What To Do If Your Car Skids

Posted on by Defensive Driving Team | in Defensive Driving Tips

Feeling your car suddenly skid out of control on an icy road can be a terrifying experience. Unfortunately, most of our instinctive reactions to such a situation, like braking suddenly, turning the wheel in the opposite direction, or staring at the target we’re about to hit, are not only ineffective, but can actually make the skid worse!
A skid occurs when there isn’t enough friction between tire and road. This can happen when driving in wet or icy conditions, stopping suddenly, or entering a turn at a high speed.

A few tips for preventing skids:
1. Make sure your tires have adequate treads. Tires are made with a “wear bar”in the treads; if the level of the tire reaches that of the “wear bar”, it’s time to get new tires. You can also check your tires by inserting a penny into the tread upside-down. Lincoln’s head should be at least partially covered.
2. Drive slowly in wet, icy, or snowy conditions.
3. Keep an appropriate distance between you and the car ahead of you. A general rule of thumb is four car lengths for every ten mph. If you are travelling 40 mph, keep 16 car lengths between cars. This way, you’ll have plenty of time to react if the driver in front of you stops ; trying to stop too suddenly can cause a skid.
4. Slow down before entering a curve or bend. Taking a curve too quickly or braking suddenly while going around a bend can cause skids.

There are two different kinds of skids: front wheel skids and rear wheel skids. We’ll discuss how to deal with these in turn. First, however, in dealing with any kind of skid, keep two basic principles in mind.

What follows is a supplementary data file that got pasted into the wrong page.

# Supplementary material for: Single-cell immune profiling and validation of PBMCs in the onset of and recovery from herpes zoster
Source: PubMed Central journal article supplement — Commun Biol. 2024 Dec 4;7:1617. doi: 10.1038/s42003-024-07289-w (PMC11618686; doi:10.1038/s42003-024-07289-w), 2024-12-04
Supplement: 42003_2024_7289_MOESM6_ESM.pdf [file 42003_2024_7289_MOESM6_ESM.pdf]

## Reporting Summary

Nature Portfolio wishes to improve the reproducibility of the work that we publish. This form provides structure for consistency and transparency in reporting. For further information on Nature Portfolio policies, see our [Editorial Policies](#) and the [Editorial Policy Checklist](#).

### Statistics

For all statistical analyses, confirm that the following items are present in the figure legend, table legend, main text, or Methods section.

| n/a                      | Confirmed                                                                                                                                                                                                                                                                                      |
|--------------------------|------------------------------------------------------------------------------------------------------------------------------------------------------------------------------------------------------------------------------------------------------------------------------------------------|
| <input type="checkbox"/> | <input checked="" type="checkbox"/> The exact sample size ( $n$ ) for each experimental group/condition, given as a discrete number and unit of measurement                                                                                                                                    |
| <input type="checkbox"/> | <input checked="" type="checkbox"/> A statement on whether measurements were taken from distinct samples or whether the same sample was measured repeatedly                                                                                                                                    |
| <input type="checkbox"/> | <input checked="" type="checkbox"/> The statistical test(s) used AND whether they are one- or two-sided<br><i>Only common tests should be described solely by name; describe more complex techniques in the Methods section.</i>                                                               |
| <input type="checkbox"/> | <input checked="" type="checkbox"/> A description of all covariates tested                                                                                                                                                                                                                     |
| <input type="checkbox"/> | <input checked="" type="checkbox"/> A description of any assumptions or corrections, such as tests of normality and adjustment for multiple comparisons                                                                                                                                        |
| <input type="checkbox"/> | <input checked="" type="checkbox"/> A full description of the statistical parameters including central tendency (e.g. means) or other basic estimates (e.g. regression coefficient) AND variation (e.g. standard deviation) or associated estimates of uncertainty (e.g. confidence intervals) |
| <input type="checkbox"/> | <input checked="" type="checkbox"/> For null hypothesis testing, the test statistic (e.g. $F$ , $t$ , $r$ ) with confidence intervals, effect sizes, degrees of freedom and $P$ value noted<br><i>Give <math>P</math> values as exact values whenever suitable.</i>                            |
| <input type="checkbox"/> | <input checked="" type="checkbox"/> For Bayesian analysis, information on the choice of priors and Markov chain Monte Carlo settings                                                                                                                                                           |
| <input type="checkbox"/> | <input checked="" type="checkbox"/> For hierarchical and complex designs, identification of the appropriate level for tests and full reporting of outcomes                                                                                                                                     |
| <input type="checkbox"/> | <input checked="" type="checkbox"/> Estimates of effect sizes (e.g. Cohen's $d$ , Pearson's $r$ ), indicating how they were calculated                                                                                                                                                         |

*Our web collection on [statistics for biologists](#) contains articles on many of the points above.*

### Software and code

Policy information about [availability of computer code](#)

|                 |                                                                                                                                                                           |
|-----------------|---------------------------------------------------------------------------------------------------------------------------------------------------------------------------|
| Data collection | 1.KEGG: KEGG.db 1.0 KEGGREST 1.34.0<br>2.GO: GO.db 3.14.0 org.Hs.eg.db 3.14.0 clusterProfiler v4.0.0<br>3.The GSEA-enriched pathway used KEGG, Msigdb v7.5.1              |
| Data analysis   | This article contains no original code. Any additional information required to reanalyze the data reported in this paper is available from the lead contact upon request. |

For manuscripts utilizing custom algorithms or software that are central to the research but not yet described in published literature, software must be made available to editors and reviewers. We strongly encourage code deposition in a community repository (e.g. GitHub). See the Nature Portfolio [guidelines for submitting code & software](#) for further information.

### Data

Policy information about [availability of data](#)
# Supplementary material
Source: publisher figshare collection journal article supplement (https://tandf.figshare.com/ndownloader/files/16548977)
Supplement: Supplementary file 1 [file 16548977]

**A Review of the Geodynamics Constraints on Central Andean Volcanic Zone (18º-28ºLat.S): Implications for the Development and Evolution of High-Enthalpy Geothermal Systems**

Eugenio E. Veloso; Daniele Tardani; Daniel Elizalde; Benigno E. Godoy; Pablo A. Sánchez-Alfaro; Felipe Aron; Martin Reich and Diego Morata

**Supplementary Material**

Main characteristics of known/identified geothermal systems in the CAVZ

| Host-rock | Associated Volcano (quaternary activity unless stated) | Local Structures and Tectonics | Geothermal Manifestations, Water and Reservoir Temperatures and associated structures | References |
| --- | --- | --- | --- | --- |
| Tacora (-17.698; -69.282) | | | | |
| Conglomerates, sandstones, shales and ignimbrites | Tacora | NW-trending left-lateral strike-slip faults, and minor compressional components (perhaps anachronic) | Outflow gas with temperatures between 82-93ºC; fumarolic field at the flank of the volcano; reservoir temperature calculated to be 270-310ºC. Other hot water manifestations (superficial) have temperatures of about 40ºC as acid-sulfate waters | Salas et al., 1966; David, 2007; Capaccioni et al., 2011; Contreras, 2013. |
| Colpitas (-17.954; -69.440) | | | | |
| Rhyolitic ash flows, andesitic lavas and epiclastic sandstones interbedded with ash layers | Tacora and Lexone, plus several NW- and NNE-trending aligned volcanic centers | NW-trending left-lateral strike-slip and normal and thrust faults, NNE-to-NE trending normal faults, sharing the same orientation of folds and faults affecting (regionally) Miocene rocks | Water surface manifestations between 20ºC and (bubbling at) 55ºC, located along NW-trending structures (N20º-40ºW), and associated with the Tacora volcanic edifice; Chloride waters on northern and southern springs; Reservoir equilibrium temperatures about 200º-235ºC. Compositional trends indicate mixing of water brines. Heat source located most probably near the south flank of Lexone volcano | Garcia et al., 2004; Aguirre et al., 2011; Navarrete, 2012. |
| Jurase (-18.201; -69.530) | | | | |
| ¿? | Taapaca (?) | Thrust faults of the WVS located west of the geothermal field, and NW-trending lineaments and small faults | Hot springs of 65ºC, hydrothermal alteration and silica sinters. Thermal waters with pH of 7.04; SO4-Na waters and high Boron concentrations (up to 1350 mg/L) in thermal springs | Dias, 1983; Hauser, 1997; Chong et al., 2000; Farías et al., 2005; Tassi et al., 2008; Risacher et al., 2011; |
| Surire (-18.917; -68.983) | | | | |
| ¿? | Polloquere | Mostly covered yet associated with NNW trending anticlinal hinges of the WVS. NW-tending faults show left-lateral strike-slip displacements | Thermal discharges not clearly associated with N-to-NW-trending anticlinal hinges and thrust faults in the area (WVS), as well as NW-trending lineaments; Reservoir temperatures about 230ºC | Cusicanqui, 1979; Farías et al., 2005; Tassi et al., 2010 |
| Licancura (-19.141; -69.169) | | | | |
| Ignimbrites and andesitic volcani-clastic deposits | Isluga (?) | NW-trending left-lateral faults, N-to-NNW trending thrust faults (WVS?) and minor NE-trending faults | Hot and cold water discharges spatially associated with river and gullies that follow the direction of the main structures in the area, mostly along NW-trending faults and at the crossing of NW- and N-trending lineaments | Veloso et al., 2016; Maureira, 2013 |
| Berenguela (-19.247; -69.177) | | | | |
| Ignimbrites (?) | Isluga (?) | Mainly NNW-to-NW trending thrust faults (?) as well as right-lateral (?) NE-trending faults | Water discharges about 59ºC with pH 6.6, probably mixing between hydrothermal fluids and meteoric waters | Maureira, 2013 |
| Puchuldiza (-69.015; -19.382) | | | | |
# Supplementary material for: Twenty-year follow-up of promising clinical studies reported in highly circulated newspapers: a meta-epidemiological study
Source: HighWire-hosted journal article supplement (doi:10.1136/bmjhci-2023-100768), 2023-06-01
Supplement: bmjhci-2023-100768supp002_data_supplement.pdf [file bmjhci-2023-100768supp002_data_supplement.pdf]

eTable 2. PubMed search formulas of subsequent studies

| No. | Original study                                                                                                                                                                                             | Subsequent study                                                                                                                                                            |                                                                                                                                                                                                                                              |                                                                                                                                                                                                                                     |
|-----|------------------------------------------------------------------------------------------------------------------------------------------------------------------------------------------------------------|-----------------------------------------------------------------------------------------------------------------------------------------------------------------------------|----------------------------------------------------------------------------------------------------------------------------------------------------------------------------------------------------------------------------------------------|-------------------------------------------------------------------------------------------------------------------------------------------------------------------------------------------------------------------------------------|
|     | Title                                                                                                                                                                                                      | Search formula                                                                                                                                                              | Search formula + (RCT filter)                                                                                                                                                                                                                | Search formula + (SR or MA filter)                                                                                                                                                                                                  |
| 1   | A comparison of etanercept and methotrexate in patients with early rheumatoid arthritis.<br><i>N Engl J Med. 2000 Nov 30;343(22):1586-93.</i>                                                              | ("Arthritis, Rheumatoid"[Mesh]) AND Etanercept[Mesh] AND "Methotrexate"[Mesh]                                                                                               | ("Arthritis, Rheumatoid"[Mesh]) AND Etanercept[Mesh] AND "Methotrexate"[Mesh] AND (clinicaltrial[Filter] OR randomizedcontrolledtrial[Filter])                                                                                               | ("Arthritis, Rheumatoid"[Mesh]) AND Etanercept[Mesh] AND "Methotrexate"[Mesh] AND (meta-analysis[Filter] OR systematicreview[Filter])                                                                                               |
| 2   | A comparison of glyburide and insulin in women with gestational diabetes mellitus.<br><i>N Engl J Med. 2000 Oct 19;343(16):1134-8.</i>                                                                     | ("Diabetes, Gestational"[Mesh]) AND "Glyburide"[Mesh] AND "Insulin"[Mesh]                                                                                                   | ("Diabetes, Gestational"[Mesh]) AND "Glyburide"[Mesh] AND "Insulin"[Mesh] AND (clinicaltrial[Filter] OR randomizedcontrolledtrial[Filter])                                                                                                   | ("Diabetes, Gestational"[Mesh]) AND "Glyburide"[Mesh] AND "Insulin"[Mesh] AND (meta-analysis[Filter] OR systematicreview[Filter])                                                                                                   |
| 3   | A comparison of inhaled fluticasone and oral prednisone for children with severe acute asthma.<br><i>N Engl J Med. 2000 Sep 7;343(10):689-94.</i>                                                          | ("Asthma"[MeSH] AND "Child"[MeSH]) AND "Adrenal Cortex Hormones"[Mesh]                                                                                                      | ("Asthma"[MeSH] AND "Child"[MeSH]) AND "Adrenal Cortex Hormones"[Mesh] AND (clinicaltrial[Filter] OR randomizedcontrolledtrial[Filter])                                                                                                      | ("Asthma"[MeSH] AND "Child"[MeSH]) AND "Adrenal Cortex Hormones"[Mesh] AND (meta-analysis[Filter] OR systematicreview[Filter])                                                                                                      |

First, don’t panic! You need to keep your head clear when you go into a skid, because your “instinctive” reactions are likely to do more harm than good.
Second, keep your eyes focused on a target in the distance. Choose a point further down the road, in the direction you are headed, and stay focused on this object. With this target in view, you’ll be better able to redirect your car so that it is once again traveling in the right direction.
Now, on to different types of skids.

FRONT WHEEL SKID
A four-wheel skid occurs when the entire car starts drifting in a direction other than the driver’s intended course. This type of skid tends to occur when a driver enters a curve too quickly.
If your car enters a front-wheel skid, ease off the accelerator. If you are driving a car with manual transmission, depress the clutch. With your eyes focused on your “target”, try to steer the car back on course. If you don’t regain control of the car within 2-3 seconds, THEN depress the brake lightly. If your car doesn’t have anti-lock (ABS) brakes, pump the brakes lightly.
Braking will help to transfer power to the front of the car; braking too suddenly, however, can cause the wheels to lock, which will make the skid worse.

REAR WHEEL SKID
A rear will skid occurs when the back end of the car slides out to the right or left; this is also known as “fishtailing.
At some point, at least one person has probably toward you to “turn into the skid.” He or she was talking about what to do if your car fishtails. However, this advice can be misleading. Say that the back end of your car suddenly slides out to the right; you don’t want to turn your wheel sharply to the right as well, especially if you are traveling at a high speed. You want to turn to the right JUST ENOUGH to straighten out the car, i.e. bring the front wheels back in line with the rear wheels. This is why focusing on a target is helpful: it prevents you from “over-correcting.”
As you turn, slowly ease off the accelerator. Avoid the temptation to brake suddenly.

To learn more about this topic, or a broad range of subjects from “How To Change A Tire” to “How To Jumpstart Your Battery”, visit DefensiveDriving.com’s Safe Driver Resources website!
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